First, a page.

Chunky Vazirani: The Ekonk offers the purest mechanical experience. We have torque vectoring so no differentials at the back, a single speed gearbox and the battery pack which sits between the driver and the motors. The steering is not assisted and of course we still have some cooling, because our technology really is optimised just for the cells, not for the motors and inverters, which get really hot as well. For those we still have a radiator upfront and plumbing and ideally we would like to develop something for that, but that’s not a priority right now. The motors department is something that we source and we work with other companies. We don’t want to build our own motors. This is the setup that we had and we figured, why have two drivers because it's gonna be lighter, we just need one driver, a test driver, so we made it a single seater. That was the idea and of course, aerodynamically once you remove the roof off, the coefficient of drag goes for a massive toss. So you would’ve seen even in Formula one cars with their crazy aero, you would’ve seen the coefficient of drag is something between 0.7 - 0.8, which is pretty high because they have downforce as well. Once we took off the roof, it was quite crazy dealing with the aero on simulations as well. We had no choice but to reduce the drag, we tried to make things a lot more extreme, we made the nose a lot more sharper, the rear wheels are covered, and the aero kind of played the part of designing and moulding the car. But at the same time it's funny how the bodywork turned out so uniquely different from Shul. Yes it has some essence of it, but at the same time if you see how the chassis looks, the rear motors, things like that, have been left exposed because we didn’t need a fully luxurious covered car. We still wanted a car that looks sexy, so it still looks like a spaceship, but it had to be purely functional. It was something very important, as it became a testbed for us.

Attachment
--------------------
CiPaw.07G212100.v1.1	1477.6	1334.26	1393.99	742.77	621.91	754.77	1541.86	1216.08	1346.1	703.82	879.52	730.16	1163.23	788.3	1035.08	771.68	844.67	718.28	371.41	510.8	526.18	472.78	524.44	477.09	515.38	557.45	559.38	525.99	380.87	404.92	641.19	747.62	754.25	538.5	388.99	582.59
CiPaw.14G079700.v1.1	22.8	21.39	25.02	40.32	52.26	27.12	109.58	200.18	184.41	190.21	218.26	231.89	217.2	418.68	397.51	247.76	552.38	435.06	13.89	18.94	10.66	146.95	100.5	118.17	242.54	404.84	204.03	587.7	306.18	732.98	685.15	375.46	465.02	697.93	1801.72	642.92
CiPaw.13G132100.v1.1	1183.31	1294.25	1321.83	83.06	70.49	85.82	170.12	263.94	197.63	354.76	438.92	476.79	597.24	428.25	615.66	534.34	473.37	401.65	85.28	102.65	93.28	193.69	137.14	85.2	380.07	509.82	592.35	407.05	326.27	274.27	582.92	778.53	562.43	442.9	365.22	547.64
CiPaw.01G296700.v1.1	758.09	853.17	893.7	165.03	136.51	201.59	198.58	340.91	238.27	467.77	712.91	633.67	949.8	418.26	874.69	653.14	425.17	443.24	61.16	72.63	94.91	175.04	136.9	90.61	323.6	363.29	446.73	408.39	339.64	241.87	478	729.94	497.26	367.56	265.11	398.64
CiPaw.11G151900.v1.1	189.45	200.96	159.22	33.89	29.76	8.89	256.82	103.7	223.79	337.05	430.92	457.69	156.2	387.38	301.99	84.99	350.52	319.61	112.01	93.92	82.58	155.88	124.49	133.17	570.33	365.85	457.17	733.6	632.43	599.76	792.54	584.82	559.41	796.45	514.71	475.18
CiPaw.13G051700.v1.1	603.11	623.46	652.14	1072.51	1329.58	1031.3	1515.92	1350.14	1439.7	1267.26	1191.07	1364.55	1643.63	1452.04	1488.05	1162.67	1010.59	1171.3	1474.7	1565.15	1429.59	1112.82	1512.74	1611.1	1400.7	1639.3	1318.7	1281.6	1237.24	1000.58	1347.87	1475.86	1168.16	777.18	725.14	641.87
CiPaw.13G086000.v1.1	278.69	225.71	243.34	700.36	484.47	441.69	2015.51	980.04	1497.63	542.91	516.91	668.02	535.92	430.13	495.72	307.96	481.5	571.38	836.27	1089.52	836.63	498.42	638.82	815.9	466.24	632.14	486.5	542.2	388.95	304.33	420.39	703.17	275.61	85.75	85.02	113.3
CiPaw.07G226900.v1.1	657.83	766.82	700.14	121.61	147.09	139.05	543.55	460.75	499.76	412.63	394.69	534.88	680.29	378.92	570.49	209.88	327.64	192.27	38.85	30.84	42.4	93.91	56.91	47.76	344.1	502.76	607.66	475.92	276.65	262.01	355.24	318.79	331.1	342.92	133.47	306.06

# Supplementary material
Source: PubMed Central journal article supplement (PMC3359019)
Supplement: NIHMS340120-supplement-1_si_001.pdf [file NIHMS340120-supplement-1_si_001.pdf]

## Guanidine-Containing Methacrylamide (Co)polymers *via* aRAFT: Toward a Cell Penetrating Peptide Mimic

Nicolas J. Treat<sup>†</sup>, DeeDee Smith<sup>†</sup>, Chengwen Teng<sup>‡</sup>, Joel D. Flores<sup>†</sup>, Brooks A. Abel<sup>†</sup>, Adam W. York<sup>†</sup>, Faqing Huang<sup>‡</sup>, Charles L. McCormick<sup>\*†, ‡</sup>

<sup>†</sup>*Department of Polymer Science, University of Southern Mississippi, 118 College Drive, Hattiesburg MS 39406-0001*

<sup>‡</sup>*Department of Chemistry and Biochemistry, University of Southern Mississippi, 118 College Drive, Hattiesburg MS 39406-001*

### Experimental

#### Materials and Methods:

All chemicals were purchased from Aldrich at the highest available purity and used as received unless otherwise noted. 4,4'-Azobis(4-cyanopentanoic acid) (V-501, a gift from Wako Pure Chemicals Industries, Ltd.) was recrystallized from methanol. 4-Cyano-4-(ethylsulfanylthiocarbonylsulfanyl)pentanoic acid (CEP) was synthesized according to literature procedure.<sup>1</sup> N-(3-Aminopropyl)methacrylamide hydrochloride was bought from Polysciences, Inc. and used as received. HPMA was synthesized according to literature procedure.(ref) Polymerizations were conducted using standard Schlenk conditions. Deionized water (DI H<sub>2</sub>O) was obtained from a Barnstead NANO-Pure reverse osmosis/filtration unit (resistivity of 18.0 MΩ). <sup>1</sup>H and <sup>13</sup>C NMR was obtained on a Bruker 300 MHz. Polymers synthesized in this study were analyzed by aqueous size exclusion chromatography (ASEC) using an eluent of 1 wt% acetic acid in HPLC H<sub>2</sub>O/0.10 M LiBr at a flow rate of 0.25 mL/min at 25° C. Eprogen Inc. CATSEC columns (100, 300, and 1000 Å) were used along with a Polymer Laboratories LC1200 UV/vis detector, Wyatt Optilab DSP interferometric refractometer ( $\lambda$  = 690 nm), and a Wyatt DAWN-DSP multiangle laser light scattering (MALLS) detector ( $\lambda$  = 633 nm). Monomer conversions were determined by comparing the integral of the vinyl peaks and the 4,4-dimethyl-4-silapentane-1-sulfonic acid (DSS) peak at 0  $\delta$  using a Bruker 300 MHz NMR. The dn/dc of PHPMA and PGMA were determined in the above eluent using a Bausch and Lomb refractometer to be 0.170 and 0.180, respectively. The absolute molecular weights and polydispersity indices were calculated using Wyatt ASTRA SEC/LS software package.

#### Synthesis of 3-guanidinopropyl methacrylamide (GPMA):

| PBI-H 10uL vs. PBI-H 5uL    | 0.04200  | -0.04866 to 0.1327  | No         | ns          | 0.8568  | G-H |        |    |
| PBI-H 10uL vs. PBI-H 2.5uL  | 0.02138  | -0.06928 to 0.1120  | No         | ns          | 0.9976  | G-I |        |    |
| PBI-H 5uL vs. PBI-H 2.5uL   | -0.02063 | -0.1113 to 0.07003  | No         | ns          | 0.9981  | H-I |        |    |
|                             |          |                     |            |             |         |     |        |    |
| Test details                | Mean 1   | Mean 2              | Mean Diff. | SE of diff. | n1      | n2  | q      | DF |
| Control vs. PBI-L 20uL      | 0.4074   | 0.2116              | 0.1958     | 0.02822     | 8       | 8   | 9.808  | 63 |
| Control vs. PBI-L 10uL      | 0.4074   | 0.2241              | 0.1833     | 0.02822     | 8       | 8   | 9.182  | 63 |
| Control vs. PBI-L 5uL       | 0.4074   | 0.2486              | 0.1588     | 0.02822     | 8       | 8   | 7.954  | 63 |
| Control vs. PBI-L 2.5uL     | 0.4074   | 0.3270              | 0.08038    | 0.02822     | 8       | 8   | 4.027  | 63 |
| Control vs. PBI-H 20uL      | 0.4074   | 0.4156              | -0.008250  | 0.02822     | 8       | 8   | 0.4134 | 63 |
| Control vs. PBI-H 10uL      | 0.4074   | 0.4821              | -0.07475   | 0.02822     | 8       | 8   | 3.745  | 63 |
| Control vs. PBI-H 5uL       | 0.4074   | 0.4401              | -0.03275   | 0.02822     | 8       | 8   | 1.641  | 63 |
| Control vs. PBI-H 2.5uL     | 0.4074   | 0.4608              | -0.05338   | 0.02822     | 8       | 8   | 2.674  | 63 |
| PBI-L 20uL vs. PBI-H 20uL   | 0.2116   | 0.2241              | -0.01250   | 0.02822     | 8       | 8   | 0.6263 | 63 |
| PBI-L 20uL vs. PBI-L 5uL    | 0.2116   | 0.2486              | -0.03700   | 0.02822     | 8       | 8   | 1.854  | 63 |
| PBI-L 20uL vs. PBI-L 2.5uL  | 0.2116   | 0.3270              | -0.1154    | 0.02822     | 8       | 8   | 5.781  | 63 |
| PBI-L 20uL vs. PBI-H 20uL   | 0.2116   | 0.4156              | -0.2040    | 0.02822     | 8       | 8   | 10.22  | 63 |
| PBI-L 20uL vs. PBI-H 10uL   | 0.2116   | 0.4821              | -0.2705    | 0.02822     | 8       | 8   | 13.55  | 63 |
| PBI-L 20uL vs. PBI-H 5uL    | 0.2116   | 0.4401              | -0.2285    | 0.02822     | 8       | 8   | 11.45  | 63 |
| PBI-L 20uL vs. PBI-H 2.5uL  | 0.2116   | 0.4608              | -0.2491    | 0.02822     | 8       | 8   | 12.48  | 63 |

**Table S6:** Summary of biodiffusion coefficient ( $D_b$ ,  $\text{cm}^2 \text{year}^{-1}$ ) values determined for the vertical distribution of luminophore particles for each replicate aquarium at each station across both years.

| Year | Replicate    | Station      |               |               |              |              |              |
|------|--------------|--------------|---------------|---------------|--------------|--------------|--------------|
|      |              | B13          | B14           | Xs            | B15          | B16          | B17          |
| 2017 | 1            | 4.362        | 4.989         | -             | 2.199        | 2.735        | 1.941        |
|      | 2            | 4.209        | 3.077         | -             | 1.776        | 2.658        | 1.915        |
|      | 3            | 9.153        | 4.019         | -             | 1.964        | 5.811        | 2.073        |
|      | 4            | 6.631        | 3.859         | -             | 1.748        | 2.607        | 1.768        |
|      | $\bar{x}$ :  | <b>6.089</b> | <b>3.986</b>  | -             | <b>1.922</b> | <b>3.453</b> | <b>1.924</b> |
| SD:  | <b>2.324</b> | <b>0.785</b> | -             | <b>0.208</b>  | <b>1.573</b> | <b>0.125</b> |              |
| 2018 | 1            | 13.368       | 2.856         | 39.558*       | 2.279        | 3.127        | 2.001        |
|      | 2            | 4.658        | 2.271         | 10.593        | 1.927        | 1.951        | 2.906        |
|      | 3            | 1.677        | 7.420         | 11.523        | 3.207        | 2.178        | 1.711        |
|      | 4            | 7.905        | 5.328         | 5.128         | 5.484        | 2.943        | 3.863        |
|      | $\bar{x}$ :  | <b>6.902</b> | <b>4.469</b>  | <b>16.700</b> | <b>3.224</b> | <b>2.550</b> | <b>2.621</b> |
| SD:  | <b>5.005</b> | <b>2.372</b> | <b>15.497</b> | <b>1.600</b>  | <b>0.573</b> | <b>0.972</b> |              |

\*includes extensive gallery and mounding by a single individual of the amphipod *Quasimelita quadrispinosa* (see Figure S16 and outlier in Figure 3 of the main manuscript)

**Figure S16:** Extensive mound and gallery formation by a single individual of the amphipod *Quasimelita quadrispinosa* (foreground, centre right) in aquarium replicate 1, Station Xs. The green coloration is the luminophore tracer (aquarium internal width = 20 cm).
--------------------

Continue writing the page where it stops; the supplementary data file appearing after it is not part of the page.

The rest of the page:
We did a lot of testing in Mumbai, in closed off areas and then we were ready, we took the Ekonk to NATRAX. We had one round of testing at NATRAX, and once you test at those limits, there’s a whole list of things you want to improve on, certain optimisations you want to make to the software, acceleration wise, torque vectoring wise. In some sense, this would be the car we thought we’d give first to journalists to have a go on it. Once we did the tests at NATRAX, we were 4-5 months away, and now we know the issues and we wanted to fix it before someone else can drive it. That’s what the plan is now, because ultimately, the learnings from this means the Shul will become a more refined product when it's ready. Side by side, development for the Shul is on, the interior design is almost done.